Moonlight Photography Tips
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|Category:||Landscape and Travel|
Shooting By Moonlight - Use the reflective light from the moon in your imagery.
In this example, we are talking about shooting by its reflected light rather than direct shots of the moon's disk. In the latter instance, quite short exposures like those you would use in daylight need to be used if you want detail in the moon's disk. Remember, the moon receives roughly the same amount of light as we do here on earth.
Photo by David Clapp - www.davidclapp.co.uk
Gear:A DSLR, such as Nikon's D4, with whatever lenses you favour is essential. The B (bulb) setting will come in handy and you will need a lockable remote release to keep the shutter open, although a camera which has shutter speeds of around 30 seconds will also be fine if your model doesn't have a bulb mode. You can count 'one elephant, two elephants etc.' to time your long exposures but you are better off using a stopwatch for more accurate and repeatable timing. Some cameras and top-end remote releases let you set timed B exposures and that makes life easier.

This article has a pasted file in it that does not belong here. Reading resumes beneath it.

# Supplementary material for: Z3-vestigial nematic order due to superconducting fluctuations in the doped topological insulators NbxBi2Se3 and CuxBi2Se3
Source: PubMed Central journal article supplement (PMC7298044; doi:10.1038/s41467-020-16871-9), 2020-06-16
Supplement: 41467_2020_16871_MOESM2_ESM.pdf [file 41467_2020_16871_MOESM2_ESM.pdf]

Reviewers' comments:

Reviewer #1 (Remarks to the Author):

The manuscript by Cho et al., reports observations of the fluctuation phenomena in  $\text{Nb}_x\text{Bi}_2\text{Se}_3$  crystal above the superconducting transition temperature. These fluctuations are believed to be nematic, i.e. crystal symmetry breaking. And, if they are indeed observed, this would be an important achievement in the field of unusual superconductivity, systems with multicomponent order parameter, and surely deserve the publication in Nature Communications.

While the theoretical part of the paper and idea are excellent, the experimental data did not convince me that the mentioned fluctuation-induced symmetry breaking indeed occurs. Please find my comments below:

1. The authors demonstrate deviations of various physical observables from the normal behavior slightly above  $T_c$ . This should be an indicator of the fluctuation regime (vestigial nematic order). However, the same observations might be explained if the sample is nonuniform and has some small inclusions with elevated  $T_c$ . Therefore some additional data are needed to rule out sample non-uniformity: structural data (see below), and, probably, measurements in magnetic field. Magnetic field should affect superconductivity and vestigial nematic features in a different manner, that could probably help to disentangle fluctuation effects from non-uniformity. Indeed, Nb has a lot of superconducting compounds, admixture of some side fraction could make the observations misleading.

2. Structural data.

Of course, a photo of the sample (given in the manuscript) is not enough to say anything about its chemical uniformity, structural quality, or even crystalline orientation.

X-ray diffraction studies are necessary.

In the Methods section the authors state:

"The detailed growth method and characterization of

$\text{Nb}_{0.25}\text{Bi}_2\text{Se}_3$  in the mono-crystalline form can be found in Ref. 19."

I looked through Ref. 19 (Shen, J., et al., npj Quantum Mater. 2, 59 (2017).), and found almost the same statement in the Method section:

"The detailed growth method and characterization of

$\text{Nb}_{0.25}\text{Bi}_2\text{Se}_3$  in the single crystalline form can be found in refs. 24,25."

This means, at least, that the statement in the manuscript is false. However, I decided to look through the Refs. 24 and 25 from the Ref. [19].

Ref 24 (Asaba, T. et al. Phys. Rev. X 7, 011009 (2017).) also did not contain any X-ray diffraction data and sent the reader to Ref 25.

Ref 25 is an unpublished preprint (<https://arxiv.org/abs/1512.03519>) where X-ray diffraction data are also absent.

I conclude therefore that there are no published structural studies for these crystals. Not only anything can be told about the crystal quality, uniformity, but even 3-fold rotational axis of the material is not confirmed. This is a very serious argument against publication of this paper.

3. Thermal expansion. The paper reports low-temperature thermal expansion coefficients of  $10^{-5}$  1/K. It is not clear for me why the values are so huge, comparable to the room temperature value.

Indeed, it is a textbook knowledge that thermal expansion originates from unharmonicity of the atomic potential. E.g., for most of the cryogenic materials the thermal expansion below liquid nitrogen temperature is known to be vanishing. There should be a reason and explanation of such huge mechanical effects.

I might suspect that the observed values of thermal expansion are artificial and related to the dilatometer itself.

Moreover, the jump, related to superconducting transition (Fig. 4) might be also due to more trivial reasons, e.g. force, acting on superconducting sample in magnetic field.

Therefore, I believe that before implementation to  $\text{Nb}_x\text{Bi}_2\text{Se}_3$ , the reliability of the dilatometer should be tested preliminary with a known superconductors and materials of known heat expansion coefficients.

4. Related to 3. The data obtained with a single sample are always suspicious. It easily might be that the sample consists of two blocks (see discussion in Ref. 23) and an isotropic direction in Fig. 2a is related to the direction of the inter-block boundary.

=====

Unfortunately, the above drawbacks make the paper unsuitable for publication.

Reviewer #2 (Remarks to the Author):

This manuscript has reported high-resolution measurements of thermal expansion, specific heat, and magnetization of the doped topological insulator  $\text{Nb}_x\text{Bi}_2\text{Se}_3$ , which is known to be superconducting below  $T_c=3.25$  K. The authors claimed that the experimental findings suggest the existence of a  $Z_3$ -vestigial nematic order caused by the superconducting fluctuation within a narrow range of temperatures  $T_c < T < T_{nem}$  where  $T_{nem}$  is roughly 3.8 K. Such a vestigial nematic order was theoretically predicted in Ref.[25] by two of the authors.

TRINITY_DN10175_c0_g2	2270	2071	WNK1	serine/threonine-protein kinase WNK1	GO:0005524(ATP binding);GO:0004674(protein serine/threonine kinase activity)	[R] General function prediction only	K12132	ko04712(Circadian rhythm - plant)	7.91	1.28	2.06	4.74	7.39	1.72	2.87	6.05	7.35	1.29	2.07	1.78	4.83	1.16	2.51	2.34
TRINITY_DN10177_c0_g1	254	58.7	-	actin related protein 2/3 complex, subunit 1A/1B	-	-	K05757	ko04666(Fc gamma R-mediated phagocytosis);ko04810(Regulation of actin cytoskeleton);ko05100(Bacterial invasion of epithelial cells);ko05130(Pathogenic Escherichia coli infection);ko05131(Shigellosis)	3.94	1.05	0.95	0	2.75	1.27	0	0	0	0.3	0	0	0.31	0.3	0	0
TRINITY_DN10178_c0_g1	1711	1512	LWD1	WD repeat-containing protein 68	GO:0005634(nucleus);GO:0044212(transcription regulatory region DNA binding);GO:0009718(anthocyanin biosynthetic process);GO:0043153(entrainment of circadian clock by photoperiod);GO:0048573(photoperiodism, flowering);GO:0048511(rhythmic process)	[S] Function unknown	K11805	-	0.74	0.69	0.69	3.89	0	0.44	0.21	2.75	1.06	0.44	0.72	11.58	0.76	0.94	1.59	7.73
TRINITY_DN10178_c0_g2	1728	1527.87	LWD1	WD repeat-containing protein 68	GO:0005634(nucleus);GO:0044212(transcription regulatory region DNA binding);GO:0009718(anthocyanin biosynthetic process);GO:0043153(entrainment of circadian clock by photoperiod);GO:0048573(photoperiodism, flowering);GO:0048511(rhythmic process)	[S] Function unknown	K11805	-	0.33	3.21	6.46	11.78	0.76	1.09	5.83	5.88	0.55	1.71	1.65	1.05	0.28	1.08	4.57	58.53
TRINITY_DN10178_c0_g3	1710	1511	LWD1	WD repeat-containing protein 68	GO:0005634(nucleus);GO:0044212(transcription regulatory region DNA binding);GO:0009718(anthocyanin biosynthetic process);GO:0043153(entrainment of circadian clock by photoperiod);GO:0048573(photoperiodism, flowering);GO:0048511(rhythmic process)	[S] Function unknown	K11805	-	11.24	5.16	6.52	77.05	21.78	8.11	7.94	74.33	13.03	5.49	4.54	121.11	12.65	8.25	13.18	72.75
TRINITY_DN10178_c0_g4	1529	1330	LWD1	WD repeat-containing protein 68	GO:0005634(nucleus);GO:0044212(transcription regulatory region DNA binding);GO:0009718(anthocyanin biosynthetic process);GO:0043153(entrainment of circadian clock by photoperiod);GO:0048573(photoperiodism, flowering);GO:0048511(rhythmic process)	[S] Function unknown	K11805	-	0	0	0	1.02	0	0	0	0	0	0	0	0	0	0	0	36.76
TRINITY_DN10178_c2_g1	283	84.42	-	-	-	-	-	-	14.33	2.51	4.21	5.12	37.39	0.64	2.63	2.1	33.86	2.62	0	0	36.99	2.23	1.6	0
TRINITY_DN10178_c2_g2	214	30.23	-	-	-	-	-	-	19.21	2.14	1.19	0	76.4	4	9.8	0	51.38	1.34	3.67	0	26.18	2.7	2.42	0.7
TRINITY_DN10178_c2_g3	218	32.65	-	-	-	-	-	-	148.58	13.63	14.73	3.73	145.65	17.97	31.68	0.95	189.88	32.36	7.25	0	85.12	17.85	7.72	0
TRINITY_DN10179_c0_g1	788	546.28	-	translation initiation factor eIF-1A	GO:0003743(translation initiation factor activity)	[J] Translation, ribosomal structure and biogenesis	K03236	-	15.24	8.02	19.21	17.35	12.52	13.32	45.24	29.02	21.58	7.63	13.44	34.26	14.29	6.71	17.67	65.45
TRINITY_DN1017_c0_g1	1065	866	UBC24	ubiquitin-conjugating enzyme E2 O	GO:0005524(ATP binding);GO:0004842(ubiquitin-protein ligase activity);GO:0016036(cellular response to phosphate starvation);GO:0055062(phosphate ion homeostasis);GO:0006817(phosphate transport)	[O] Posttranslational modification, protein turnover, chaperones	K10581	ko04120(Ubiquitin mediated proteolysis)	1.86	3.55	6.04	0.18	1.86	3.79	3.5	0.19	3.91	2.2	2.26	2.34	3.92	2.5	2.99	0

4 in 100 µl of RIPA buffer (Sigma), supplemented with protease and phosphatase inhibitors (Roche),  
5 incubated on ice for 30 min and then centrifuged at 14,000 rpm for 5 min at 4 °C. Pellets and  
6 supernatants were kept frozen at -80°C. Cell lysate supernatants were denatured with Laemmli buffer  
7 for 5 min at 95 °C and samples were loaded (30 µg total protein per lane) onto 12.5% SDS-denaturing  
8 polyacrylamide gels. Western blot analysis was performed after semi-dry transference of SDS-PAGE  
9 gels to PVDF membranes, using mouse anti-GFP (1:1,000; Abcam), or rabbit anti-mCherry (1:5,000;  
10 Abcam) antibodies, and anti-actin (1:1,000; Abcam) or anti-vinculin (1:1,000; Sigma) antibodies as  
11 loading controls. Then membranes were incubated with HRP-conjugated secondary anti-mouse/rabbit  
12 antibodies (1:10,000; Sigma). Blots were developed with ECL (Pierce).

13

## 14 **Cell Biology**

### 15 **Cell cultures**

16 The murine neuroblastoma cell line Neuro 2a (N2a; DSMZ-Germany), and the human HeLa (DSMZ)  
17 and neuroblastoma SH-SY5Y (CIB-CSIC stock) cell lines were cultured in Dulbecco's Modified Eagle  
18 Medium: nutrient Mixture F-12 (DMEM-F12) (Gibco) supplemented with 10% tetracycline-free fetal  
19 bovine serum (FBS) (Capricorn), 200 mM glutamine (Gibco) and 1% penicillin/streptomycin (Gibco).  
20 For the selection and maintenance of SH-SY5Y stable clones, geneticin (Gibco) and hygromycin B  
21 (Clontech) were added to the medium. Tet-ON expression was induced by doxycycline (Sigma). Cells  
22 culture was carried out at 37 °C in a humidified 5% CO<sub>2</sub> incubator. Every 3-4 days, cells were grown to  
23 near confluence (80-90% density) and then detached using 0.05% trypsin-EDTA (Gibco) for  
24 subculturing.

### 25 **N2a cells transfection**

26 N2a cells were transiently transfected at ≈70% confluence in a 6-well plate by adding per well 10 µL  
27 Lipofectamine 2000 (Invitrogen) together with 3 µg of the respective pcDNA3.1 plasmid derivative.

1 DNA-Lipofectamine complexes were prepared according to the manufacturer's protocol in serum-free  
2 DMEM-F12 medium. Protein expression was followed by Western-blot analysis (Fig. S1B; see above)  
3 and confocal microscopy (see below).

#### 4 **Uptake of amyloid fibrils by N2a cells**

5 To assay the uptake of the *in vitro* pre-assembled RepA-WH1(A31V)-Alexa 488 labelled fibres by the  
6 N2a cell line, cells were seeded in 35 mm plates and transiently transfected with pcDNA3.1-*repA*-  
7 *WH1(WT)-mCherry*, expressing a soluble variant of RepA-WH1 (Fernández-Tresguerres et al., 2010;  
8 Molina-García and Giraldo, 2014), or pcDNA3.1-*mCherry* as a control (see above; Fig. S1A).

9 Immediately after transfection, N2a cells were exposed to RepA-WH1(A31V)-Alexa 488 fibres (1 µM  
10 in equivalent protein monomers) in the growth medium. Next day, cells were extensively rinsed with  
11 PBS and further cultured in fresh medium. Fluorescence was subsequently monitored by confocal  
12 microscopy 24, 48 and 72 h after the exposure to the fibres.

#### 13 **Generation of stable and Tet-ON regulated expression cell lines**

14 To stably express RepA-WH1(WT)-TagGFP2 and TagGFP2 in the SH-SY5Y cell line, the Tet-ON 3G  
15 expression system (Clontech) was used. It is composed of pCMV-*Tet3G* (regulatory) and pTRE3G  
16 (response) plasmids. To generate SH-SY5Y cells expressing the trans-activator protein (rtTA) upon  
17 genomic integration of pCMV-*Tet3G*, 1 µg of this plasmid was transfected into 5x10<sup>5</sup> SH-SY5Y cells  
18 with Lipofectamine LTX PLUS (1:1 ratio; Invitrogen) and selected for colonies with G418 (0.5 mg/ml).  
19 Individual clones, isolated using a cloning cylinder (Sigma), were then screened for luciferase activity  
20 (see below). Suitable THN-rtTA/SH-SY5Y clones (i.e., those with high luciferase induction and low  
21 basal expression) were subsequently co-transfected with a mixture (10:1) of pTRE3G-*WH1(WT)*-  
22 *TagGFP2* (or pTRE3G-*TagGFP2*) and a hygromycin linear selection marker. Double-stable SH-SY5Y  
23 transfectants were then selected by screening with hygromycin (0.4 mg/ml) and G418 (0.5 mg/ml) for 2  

Every DSLR has integral noise reduction of some sort, but it might not be worth using. Try it on a convenient night scene before you try it on location.
Night scenes make it obvious if you have any 'stuck' pixels. These are the red, green or blue pixels in the CCD or CMOS sensor that no longer functioning correctly and in a night scene appear as tiny, tiny specks of red, blue or green. They are easy to identify and clone out.
Technique:Of course, you need a moon in the first place so keep and eye on the weather forecast. For moonrise/moonset times, try ROE or time and date.
A full moon on a good night is bright enough to cast shadows and your camera at ISO 400 will give decent results. Try one of the automatic modes and see how the camera copes. You might be surprised. Use the exposure compensation feature to fine-tune exposure and if you are still not happy, try shooting with the B setting.
Focusing can be challenge because it is really dark so take along a powerful torch to light up the subject to help you focus, whether you are focusing manually or using the autofocus system.
It is best not to use the camera monitor to assess exposure because often the image may look very dark and lack contrast. Expect to do some work during Raw processing or Levels annd Curve tweaking.
As for white-balance, this is for you to try different settings. Auto white-balance should be fine but using one of the presets may give more attractive results.
Have a play and see what you think.
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